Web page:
Tuesday, November 12, 2013
Wednesday, May 22, 2013
In this episode: Composer, arranger, producer, and musician Van Dyke Parks has worked with an array of artists from The Beach Boys to Bonnie Raitt to Skrillex. Now, he's released Songs Cycled, his first album of new material in over 20 years .
Plus: Does your baby need a soundtrack? Père Music, a new startup, will compose a theme for your child – for a tidy sum. We talk with the co-founders.
And: Classical guitarist Benjamin Verdery goes beyond his genre — he's performed classic rock songs by Jimi Hendrix and Cream, and has collaborated with musicians from many other genres. He performs live in the studio.
Tuesday, April 23, 2013
A recently released study from Beth Israel Medical Center claims that music — specifically music therapy — can have a positive impact on the development of premature babies. Dr. Joanne Loewy explains the study to Soundcheck and demonstrates some of the soothing sounds and lullabies helpful to premature babies.
Tuesday, April 23, 2013
In this episode: A new study from Beth Israel Medical Center in New York City shows that premature infants can benefit medically from music therapy. We talk with Dr. Joanne Loewy, leader of that study, about the type of music therapy that was used, and how this could change the type of care that premature infants receive.
Plus: Novelist, poet, and recording artist Carl Hancock Rux joins us for a live performance.
And: As we gear up for our Sunday webstream with Iggy Pop and The Stooges, we ask a few musicians and critics to share their stories of the punk icon.
Plus: We talk with writer Joyce Cohen about life with hyperacusis, a condition characterized by an extreme over sensitivity to sound.
Saturday, April 20, 2013
Broadcast Times: Saturday 6am on 93.9FM, Saturday 2pm on AM 820 and Sunday 7am on AM 820 and 8pm on AM 820
Imagine a world free of genetic diseases, where parents control their offspring's height, eye color and intelligence. The science may be closer than you think. Would it lead to eugenics and a stratified society where only the rich enjoy the benefits of genetic enhancement? Or would the real injustice be depriving our children of every scientifically possible opportunity? Our debaters are Sheldon Krimsky, Lord Robert Winston, Nita Farahany, and Lee Silver.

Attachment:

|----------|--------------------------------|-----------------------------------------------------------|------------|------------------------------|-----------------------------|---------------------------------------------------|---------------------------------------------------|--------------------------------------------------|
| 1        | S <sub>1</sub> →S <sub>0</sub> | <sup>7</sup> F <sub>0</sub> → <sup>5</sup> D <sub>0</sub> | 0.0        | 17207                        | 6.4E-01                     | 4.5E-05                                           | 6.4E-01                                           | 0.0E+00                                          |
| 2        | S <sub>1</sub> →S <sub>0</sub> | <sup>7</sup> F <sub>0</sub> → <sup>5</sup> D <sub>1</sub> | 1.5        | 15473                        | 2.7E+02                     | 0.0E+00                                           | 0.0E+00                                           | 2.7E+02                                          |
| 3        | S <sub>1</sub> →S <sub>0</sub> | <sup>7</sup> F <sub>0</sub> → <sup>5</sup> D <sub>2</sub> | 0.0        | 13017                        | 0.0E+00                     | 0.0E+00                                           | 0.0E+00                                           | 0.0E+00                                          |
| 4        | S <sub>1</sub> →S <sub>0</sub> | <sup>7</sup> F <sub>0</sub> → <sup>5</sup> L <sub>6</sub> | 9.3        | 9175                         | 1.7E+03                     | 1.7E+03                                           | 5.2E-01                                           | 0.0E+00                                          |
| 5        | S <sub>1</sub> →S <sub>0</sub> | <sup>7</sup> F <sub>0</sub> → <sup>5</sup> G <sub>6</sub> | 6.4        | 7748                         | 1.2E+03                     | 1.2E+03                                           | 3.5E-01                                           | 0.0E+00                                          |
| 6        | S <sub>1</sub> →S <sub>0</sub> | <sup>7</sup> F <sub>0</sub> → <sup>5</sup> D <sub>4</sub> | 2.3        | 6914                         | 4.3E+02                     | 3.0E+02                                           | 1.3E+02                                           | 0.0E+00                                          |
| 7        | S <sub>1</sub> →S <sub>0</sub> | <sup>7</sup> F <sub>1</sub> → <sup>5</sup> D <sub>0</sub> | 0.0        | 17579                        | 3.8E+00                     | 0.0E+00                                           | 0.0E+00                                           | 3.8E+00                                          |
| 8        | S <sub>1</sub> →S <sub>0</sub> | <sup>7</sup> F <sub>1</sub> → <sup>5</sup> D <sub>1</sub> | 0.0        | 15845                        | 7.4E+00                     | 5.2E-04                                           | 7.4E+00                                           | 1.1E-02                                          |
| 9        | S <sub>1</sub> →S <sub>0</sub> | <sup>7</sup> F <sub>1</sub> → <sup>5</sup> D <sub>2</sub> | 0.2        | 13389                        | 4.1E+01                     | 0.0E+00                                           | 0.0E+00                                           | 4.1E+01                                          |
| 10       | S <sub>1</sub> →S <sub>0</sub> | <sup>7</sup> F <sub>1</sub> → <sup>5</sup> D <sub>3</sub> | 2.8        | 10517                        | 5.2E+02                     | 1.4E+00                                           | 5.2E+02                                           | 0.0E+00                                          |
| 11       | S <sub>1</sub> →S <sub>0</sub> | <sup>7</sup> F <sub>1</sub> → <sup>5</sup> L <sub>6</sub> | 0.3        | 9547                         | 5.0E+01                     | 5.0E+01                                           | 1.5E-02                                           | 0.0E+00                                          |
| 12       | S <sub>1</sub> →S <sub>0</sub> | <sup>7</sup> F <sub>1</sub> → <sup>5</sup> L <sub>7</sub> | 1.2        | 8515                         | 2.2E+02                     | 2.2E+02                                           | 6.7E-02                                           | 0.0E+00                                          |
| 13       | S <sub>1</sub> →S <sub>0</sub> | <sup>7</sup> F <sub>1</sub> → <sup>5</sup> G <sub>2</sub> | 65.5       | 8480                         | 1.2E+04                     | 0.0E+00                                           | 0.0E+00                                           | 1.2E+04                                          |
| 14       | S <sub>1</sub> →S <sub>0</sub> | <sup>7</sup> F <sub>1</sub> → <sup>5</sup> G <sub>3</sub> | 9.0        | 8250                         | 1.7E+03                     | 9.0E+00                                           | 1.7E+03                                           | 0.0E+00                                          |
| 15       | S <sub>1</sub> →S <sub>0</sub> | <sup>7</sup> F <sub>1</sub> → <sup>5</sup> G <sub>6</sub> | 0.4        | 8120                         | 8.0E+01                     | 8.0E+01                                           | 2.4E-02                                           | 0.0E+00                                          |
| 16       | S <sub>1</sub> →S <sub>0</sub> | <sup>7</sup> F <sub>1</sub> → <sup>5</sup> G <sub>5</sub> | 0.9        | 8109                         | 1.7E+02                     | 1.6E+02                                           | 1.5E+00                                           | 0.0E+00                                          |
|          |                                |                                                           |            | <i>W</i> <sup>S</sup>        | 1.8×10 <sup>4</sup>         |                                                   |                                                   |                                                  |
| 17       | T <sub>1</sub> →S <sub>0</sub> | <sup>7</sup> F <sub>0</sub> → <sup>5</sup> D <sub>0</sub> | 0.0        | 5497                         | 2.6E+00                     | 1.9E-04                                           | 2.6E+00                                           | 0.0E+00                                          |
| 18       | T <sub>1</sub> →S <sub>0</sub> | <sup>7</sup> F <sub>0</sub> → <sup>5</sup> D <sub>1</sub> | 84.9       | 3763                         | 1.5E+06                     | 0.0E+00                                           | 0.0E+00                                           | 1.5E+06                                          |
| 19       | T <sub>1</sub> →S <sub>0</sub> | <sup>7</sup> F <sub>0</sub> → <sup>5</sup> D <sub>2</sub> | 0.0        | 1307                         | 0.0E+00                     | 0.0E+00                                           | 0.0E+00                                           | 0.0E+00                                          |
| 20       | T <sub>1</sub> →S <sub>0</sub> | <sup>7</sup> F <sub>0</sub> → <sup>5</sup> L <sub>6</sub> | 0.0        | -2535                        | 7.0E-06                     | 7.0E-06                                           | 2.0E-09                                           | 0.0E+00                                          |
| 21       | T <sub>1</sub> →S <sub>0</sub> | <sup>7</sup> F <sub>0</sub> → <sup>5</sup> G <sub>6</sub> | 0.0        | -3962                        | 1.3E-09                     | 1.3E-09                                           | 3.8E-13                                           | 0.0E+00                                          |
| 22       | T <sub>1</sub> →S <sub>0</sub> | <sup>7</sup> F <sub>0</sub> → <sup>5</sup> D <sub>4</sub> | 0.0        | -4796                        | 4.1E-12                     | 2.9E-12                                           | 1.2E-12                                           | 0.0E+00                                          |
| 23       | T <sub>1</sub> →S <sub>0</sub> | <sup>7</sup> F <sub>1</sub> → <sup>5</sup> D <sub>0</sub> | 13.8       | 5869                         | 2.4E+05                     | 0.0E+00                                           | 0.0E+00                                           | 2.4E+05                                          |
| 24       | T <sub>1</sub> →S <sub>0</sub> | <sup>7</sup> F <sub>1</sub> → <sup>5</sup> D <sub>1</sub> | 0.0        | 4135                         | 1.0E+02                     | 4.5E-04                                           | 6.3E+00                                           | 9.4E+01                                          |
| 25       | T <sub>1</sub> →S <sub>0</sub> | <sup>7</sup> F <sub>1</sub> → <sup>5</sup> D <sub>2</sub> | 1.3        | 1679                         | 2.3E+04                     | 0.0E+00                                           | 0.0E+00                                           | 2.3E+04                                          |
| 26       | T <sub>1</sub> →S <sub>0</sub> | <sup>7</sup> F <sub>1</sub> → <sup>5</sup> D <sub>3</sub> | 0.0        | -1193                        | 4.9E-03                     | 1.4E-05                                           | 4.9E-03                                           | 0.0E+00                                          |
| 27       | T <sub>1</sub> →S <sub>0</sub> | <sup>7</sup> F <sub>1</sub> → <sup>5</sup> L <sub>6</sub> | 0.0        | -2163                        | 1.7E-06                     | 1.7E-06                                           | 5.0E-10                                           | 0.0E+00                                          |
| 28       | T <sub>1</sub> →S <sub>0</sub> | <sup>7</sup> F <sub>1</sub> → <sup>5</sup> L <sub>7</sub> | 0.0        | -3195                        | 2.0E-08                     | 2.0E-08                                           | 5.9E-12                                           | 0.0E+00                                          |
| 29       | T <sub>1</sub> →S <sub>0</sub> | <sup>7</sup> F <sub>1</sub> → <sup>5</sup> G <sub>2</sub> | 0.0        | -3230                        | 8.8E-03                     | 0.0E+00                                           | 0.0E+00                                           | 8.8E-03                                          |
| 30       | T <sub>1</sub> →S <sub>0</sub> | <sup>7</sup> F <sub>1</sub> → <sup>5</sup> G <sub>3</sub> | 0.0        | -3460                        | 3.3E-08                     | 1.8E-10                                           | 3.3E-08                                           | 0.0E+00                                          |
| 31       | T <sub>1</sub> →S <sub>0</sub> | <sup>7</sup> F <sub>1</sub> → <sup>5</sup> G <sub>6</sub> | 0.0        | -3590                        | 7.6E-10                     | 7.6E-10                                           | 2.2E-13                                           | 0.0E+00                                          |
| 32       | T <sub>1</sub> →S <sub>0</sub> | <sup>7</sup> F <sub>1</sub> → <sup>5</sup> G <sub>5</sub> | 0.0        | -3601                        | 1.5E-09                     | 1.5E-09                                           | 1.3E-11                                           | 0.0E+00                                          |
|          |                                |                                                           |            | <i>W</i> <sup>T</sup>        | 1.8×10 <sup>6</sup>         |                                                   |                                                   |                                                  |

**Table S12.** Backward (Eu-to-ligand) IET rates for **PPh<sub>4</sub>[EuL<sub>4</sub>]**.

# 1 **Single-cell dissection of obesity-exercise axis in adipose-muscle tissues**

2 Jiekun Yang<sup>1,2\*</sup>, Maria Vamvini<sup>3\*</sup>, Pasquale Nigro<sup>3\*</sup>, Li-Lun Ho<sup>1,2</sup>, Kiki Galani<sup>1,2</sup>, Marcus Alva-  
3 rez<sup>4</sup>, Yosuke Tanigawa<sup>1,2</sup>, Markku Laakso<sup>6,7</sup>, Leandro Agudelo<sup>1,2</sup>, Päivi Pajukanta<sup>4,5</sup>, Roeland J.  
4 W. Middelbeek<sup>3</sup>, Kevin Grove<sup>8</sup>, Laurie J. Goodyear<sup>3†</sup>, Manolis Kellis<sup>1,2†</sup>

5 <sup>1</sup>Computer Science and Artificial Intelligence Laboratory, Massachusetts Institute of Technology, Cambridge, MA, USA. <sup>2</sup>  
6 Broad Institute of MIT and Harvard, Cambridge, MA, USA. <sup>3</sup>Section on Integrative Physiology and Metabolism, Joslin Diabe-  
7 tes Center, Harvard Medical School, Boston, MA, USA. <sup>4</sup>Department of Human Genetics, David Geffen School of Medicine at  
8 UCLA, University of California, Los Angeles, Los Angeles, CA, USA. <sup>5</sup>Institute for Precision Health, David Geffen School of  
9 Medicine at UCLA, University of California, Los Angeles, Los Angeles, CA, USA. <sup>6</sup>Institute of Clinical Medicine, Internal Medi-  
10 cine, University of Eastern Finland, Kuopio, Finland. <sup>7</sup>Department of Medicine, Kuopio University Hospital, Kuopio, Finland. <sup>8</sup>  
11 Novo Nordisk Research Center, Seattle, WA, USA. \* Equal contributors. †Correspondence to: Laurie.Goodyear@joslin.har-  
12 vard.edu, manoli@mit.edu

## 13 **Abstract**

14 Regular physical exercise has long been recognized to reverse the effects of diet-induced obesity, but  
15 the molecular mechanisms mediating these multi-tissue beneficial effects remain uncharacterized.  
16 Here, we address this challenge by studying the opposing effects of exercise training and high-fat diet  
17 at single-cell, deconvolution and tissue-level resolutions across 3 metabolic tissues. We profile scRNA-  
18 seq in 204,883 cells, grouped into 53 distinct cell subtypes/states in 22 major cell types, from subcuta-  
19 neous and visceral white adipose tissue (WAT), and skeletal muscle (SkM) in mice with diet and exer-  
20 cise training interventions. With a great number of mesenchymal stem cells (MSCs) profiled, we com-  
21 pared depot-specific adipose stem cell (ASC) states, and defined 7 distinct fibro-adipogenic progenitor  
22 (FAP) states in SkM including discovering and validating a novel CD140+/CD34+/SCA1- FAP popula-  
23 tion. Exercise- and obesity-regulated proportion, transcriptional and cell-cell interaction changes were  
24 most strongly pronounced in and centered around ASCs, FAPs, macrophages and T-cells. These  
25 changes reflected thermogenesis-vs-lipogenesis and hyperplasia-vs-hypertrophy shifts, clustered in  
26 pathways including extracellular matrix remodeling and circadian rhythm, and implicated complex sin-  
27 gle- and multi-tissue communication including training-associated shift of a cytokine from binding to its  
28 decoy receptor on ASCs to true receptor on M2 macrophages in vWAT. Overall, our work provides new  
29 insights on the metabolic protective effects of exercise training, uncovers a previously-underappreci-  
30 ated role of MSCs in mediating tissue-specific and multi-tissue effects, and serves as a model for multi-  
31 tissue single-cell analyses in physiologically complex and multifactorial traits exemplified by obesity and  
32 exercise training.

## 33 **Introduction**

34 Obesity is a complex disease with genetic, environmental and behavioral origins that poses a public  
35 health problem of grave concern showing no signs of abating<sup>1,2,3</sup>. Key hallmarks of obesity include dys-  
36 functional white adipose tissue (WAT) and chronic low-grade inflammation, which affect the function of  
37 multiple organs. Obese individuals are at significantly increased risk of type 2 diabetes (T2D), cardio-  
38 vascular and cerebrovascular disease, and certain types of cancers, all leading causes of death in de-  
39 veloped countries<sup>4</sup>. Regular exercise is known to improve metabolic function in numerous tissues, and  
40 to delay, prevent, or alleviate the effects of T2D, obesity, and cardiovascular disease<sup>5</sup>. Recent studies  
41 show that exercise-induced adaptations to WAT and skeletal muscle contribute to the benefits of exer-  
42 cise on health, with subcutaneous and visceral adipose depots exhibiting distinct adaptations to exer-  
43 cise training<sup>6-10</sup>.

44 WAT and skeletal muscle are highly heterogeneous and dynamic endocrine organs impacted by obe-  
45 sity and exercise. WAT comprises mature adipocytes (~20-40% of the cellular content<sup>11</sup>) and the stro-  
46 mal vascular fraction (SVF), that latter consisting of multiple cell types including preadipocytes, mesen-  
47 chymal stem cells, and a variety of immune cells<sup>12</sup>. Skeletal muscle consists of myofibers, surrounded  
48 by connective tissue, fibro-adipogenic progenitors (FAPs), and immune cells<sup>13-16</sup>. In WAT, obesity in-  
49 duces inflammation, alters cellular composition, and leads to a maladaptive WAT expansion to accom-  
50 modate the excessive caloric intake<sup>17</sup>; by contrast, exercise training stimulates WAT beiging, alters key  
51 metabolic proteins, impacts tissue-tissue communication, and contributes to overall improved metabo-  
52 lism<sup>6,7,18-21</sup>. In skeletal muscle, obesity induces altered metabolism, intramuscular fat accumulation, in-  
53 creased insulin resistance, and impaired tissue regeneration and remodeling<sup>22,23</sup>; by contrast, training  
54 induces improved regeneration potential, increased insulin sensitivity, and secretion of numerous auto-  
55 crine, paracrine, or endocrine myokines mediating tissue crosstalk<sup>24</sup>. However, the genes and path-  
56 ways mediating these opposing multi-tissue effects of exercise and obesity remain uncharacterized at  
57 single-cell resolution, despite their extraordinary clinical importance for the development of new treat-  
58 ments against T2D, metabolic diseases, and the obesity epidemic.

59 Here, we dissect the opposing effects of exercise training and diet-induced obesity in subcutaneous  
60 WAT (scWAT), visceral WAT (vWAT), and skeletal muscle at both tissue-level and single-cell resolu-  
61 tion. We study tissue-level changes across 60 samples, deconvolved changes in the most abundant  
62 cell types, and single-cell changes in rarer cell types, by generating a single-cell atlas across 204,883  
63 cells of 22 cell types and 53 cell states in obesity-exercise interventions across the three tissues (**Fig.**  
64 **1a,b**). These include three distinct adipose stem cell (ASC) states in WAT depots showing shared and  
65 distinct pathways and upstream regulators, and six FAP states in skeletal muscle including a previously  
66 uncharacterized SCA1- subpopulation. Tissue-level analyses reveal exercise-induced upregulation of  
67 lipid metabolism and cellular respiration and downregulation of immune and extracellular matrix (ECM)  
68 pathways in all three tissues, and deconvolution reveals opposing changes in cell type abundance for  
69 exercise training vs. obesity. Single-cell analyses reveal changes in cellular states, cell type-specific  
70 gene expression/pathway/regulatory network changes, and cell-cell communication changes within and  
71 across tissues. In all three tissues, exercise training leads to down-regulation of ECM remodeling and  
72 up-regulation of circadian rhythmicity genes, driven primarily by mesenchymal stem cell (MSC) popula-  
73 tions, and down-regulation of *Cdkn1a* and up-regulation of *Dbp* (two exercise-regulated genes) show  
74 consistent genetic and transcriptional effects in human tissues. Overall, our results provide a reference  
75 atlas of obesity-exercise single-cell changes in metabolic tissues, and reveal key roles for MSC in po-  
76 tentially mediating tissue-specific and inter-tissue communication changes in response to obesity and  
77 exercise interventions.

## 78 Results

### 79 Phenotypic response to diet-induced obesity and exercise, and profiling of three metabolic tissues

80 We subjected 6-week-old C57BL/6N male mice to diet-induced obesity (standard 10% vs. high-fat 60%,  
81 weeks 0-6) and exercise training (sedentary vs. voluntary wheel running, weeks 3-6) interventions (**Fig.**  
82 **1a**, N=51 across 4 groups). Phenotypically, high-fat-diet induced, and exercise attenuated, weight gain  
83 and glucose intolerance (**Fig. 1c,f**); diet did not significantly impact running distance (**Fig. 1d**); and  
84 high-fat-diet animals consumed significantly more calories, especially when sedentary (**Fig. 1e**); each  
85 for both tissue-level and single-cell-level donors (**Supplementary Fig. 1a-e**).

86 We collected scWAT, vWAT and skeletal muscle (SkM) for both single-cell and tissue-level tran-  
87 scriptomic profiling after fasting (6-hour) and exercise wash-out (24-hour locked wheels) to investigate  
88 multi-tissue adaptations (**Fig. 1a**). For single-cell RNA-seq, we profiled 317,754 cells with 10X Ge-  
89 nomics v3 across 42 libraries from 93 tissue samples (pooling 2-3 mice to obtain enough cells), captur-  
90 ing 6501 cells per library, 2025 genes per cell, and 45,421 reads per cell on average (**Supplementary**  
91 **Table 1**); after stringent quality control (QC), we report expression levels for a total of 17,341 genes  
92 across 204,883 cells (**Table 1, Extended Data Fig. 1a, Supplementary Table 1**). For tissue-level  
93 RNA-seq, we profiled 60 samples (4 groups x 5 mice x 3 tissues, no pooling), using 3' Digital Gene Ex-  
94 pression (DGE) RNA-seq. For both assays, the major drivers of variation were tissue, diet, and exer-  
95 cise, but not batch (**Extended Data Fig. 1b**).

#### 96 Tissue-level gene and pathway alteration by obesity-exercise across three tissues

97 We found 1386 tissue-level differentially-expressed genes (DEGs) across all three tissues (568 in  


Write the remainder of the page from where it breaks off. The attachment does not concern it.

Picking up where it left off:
Thursday, February 28, 2013
By Robert Krulwich : Host, Radiolab
A new video technology that amplifies small color changes and slight movements can, when pointed at people, tell what's going on inside.
Thursday, January 03, 2013
Within civilizations made out of hunter-gatherers, the practices for raising children and caring for the elderly are far different than in the developed world in the West. But, there may be lessons to be learned from these traditional societies. Jared Diamond has spent nearly 50 years studying culture and civilizations in Papua New Guinea. His latest book is called, "The World Until Yesterday: What Can We Learn from Traditional Societies?"
Monday, August 20, 2012
For as long as we have had medical care, doctors have always faced tough choices. One area where this is increasingly being played out is in Neonatal Care Units, where 500,000 premature American babies are cared for each year.
Wednesday, August 08, 2012
By Katie Bishop : Producer, Death, Sex & Money
Everyone pretty much agrees that singing to babies is a good thing. Singing can help strengthen the bond between parent and child; it nurtures brain development; and in fact, women are being taught to sing to their babies while they're still in the womb. Heck, even dogs know that it's important.
Monday, October 31, 2011
Today the world's population reached seven billion. Duncan Kennedy, reporting for the BBC, spent the first few hours with that seven billionth baby — or one of the newborns that could lay claim to the title — Alice, in Australia. He spoke with her new parents about the advent of a new life in their world, and about what it's like to be the parents of a child on a 7 billion person planet.
Friday, September 30, 2011
Scientists have found that babies can become fluent in foreign languages at an extremely fast rate; one that begins to slow down by their first birthday. What is it about the make-up of their brains as newborns that gives them this ability? Could adults train their brains to be more like the brains of babies?
Tuesday, June 28, 2011
Melonie Ware was a daycare provider in Georgia who was sentenced to life in prison for shaking a nine-month-old baby to death in 2004. But in a 2009 retrial, a court declared that the medical examiner's findings were insufficient, concluding that the baby most likely died because complications due to sickle-cell anemia, and acquitted Ware.
Doctors have credited hundreds of untimely infant deaths to shaken baby syndrome over the years. But more and more, medical experts are starting to doubt that baby shaking was the cause of death in certain cases. A new Frontline documentary, airing tonight on PBS stations, examines some of these cases, including Ware's.